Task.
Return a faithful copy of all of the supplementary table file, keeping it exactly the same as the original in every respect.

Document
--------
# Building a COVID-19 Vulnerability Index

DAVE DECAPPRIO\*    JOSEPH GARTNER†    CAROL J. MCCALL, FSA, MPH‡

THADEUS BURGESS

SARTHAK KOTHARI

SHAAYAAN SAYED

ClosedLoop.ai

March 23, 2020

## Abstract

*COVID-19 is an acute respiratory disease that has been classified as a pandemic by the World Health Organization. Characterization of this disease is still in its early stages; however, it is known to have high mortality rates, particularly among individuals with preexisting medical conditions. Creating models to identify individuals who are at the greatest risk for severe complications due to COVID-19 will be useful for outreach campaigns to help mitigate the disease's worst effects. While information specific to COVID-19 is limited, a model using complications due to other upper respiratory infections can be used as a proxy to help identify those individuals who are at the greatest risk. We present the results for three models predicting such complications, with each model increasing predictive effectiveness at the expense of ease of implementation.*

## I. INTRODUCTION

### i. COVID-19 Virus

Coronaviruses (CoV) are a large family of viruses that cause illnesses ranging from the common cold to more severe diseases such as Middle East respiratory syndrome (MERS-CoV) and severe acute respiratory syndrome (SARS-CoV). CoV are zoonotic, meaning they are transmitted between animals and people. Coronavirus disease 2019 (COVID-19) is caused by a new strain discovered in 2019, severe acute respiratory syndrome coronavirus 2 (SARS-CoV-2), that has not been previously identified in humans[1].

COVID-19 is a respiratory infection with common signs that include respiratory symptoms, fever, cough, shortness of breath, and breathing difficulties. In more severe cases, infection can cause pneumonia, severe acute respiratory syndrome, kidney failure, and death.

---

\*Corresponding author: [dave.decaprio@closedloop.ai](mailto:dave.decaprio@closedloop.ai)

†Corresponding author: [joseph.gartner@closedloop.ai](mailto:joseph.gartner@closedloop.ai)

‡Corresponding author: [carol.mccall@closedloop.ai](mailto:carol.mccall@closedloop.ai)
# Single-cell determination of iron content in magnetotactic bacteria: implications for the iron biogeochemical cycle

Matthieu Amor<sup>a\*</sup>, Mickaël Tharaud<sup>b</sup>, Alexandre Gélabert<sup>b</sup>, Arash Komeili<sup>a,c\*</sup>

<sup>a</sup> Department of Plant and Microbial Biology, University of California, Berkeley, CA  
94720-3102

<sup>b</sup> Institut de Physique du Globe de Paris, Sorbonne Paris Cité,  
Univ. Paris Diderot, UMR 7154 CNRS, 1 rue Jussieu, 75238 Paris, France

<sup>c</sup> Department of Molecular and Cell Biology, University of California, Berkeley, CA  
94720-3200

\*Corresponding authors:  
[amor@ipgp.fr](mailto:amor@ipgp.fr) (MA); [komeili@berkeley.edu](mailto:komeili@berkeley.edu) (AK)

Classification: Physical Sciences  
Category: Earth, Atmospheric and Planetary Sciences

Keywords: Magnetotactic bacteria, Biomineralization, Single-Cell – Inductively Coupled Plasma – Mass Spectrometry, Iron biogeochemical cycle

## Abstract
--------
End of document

# Building a COVID-19 Vulnerability Index

DAVE DECAPPRIO\*    JOSEPH GARTNER†    CAROL J. MCCALL, FSA, MPH‡

THADEUS BURGESS

SARTHAK KOTHARI

SHAAYAAN SAYED

ClosedLoop.ai

March 23, 2020

## Abstract

*COVID-19 is an acute respiratory disease that has been classified as a pandemic by the World Health Organization. Characterization of this disease is still in its early stages; however, it is known to have high mortality rates, particularly among individuals with preexisting medical conditions. Creating models to identify individuals who are at the greatest risk for severe complications due to COVID-19 will be useful for outreach campaigns to help mitigate the disease's worst effects. While information specific to COVID-19 is limited, a model using complications due to other upper respiratory infections can be used as a proxy to help identify those individuals who are at the greatest risk. We present the results for three models predicting such complications, with each model increasing predictive effectiveness at the expense of ease of implementation.*

## I. INTRODUCTION

### i. COVID-19 Virus

Coronaviruses (CoV) are a large family of viruses that cause illnesses ranging from the common cold to more severe diseases such as Middle East respiratory syndrome (MERS-CoV) and severe acute respiratory syndrome (SARS-CoV). CoV are zoonotic, meaning they are transmitted between animals and people. Coronavirus disease 2019 (COVID-19) is caused by a new strain discovered in 2019, severe acute respiratory syndrome coronavirus 2 (SARS-CoV-2), that has not been previously identified in humans[1].

COVID-19 is a respiratory infection with common signs that include respiratory symptoms, fever, cough, shortness of breath, and breathing difficulties. In more severe cases, infection can cause pneumonia, severe acute respiratory syndrome, kidney failure, and death.

---

\*Corresponding author: [dave.decaprio@closedloop.ai](mailto:dave.decaprio@closedloop.ai)

†Corresponding author: [joseph.gartner@closedloop.ai](mailto:joseph.gartner@closedloop.ai)

‡Corresponding author: [carol.mccall@closedloop.ai](mailto:carol.mccall@closedloop.ai)
# Single-cell determination of iron content in magnetotactic bacteria: implications for the iron biogeochemical cycle

Matthieu Amor<sup>a\*</sup>, Mickaël Tharaud<sup>b</sup>, Alexandre Gélabert<sup>b</sup>, Arash Komeili<sup>a,c\*</sup>

<sup>a</sup> Department of Plant and Microbial Biology, University of California, Berkeley, CA  
94720-3102

<sup>b</sup> Institut de Physique du Globe de Paris, Sorbonne Paris Cité,  
Univ. Paris Diderot, UMR 7154 CNRS, 1 rue Jussieu, 75238 Paris, France

<sup>c</sup> Department of Molecular and Cell Biology, University of California, Berkeley, CA  
94720-3200

\*Corresponding authors:  
[amor@ipgp.fr](mailto:amor@ipgp.fr) (MA); [komeili@berkeley.edu](mailto:komeili@berkeley.edu) (AK)

Classification: Physical Sciences  
Category: Earth, Atmospheric and Planetary Sciences

Keywords: Magnetotactic bacteria, Biomineralization, Single-Cell – Inductively Coupled Plasma – Mass Spectrometry, Iron biogeochemical cycle

## Abstract